In this situation, those without the requisite linguistic skills to fully assess the story’s validity are left on the outside feeling powerless to really know what is being offered to them. Though there is a small degree of negative backlash in the comments sections, the sites ultimately get what they want as they continue to be read unquestioned by the vast majority.

As such, the only consistent loser is translation. When doubts of this nature are raised, translation becomes a key accomplice to the apparent deception, and fears that there is something sinister going on in the passage between languages – that something is ‘lost in translation’ – are only compounded…


*Interestingly, the quotes were misrepresented in a different way in some sections of the Italian press as Vidal was quoted as saying “I’m going to Lazio” (another big club in Italy) instead of “Alassio”, sparking all sorts of crazy rumours.

The Terminology of the Beautiful Game

Partially inspired by this great BBC article entitled ”In the six’ and football’s other strange Americanisms’ which looks at the interesting terminological differences which exist between soccer and football, and partially due to that fact that it is a great passion of mine, I thought I would dedicate this post to introducing footballing terminology, as well as looking at a few interesting terms and tracking down their roots.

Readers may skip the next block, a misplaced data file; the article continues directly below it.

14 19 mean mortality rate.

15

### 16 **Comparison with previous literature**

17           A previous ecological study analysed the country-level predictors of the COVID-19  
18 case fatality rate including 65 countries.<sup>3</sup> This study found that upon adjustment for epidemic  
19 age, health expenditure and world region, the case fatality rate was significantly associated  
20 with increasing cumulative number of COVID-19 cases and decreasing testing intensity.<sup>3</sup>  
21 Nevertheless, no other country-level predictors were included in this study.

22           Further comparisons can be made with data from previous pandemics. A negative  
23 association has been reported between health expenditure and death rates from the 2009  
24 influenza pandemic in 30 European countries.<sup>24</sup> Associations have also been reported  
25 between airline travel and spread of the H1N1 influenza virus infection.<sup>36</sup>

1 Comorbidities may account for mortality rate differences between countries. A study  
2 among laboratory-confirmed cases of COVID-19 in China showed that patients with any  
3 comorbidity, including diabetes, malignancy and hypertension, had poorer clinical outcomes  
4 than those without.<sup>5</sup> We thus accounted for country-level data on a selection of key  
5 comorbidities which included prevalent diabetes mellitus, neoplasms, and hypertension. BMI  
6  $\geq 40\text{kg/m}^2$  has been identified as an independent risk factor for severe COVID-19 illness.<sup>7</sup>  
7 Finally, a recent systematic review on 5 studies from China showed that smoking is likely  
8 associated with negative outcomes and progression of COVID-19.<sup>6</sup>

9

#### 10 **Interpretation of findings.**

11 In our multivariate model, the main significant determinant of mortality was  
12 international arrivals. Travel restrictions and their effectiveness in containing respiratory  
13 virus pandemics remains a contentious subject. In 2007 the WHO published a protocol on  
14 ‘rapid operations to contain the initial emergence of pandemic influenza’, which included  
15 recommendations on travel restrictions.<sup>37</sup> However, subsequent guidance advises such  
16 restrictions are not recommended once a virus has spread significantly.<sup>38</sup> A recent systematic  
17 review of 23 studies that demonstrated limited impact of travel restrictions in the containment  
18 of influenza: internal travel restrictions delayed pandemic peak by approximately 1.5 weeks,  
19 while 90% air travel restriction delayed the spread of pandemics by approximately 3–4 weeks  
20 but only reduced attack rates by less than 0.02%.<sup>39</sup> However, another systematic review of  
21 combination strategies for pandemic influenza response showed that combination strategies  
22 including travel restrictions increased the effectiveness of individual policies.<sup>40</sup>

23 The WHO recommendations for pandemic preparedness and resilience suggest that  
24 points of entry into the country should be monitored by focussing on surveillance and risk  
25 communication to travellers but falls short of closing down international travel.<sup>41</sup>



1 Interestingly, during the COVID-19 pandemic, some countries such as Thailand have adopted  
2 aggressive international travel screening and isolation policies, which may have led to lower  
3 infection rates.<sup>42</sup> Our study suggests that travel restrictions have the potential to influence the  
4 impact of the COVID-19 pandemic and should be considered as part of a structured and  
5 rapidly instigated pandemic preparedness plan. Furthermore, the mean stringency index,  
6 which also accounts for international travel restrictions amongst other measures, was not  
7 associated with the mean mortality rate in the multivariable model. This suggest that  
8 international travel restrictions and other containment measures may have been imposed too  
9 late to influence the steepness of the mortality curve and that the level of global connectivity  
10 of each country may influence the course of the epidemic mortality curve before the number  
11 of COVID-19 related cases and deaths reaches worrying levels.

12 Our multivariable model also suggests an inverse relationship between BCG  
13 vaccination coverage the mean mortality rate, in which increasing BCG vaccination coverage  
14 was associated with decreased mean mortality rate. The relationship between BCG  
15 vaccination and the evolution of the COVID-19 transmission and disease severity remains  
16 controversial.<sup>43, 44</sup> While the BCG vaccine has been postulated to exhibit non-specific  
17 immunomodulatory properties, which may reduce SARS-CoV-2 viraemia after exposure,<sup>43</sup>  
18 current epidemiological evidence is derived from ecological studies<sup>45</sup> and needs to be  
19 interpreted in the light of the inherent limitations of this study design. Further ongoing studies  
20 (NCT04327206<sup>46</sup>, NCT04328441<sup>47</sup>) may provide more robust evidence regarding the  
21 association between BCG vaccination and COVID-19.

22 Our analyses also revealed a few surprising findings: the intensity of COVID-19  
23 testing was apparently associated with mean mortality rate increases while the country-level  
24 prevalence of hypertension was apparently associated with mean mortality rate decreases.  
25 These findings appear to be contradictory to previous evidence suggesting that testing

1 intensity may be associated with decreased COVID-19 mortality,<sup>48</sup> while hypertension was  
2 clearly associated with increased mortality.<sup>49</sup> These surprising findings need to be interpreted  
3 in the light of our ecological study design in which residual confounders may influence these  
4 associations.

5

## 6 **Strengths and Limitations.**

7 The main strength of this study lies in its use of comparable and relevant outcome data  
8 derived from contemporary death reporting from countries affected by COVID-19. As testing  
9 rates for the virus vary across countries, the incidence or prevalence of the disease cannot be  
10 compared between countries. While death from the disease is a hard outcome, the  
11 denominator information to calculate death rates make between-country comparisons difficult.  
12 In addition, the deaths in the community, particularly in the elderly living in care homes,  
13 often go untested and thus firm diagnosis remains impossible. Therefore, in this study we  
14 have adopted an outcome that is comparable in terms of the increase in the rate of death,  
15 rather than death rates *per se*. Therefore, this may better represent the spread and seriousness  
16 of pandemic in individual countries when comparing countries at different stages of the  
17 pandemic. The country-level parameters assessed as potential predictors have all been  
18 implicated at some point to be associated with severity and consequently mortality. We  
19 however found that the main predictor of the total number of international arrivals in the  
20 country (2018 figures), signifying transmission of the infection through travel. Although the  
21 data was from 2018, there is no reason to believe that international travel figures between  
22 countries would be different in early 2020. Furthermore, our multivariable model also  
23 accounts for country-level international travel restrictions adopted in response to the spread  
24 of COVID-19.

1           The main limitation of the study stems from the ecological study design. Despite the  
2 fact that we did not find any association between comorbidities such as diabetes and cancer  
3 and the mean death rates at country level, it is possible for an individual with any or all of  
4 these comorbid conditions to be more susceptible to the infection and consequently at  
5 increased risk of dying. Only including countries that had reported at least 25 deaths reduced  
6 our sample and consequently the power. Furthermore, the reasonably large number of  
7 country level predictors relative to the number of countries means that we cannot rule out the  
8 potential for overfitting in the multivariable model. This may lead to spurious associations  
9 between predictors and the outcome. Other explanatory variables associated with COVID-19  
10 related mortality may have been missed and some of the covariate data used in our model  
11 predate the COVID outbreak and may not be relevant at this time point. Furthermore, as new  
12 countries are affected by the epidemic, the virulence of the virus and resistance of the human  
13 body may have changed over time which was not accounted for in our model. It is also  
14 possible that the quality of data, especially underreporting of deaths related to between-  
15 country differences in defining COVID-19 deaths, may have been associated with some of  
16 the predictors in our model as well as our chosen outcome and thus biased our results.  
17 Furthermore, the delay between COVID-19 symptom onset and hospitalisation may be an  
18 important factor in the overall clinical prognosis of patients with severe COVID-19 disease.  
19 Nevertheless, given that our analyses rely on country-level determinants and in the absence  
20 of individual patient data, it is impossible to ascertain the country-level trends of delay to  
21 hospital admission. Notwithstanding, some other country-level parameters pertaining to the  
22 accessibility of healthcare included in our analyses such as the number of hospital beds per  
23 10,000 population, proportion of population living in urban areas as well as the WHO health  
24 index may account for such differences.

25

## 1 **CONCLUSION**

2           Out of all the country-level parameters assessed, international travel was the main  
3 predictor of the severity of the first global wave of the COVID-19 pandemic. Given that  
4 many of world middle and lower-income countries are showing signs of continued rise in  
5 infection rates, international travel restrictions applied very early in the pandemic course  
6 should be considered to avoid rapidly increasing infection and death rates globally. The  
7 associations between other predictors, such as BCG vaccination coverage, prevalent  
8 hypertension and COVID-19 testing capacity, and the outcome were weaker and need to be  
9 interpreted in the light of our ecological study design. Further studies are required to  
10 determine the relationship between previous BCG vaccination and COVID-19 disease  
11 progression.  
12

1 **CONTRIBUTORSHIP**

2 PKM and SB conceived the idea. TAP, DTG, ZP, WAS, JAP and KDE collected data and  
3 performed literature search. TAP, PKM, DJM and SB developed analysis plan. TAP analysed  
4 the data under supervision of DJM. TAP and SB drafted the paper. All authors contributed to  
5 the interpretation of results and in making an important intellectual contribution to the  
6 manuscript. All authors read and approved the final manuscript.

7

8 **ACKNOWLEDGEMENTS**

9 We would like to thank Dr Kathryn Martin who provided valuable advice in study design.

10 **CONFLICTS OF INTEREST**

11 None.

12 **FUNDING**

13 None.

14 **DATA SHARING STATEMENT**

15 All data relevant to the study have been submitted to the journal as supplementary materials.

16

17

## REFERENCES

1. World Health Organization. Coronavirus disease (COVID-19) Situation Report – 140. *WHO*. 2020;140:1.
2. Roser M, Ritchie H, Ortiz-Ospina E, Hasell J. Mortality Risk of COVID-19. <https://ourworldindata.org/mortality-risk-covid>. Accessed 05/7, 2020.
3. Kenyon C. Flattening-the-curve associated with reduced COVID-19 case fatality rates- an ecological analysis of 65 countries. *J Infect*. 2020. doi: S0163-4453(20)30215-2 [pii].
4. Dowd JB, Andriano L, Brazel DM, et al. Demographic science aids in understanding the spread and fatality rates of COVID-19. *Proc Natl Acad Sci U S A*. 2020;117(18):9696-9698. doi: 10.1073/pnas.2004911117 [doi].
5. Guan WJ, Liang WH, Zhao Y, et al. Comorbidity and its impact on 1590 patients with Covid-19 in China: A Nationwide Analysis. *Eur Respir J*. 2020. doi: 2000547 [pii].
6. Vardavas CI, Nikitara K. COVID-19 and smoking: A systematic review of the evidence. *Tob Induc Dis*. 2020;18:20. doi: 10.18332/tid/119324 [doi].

Ok, I know, the football season is more or less over and perhaps I should leave the subject alone, dust off my cricket whites and wait for the rain to stop, but hopefully you’ll grant me just this one post before the summer hibernation.

First of all, it is of course worth mentioning that, due to the universal nature of the game, there are ready equivalents for the vast majority of terms in the game. It is often said that football is a universal language and it’s very easy to pick up a few things in the midst of a foreign crowd with the familiar chants, the same colourful language that is best left untranslated and ultimately, the same game unfolding before you.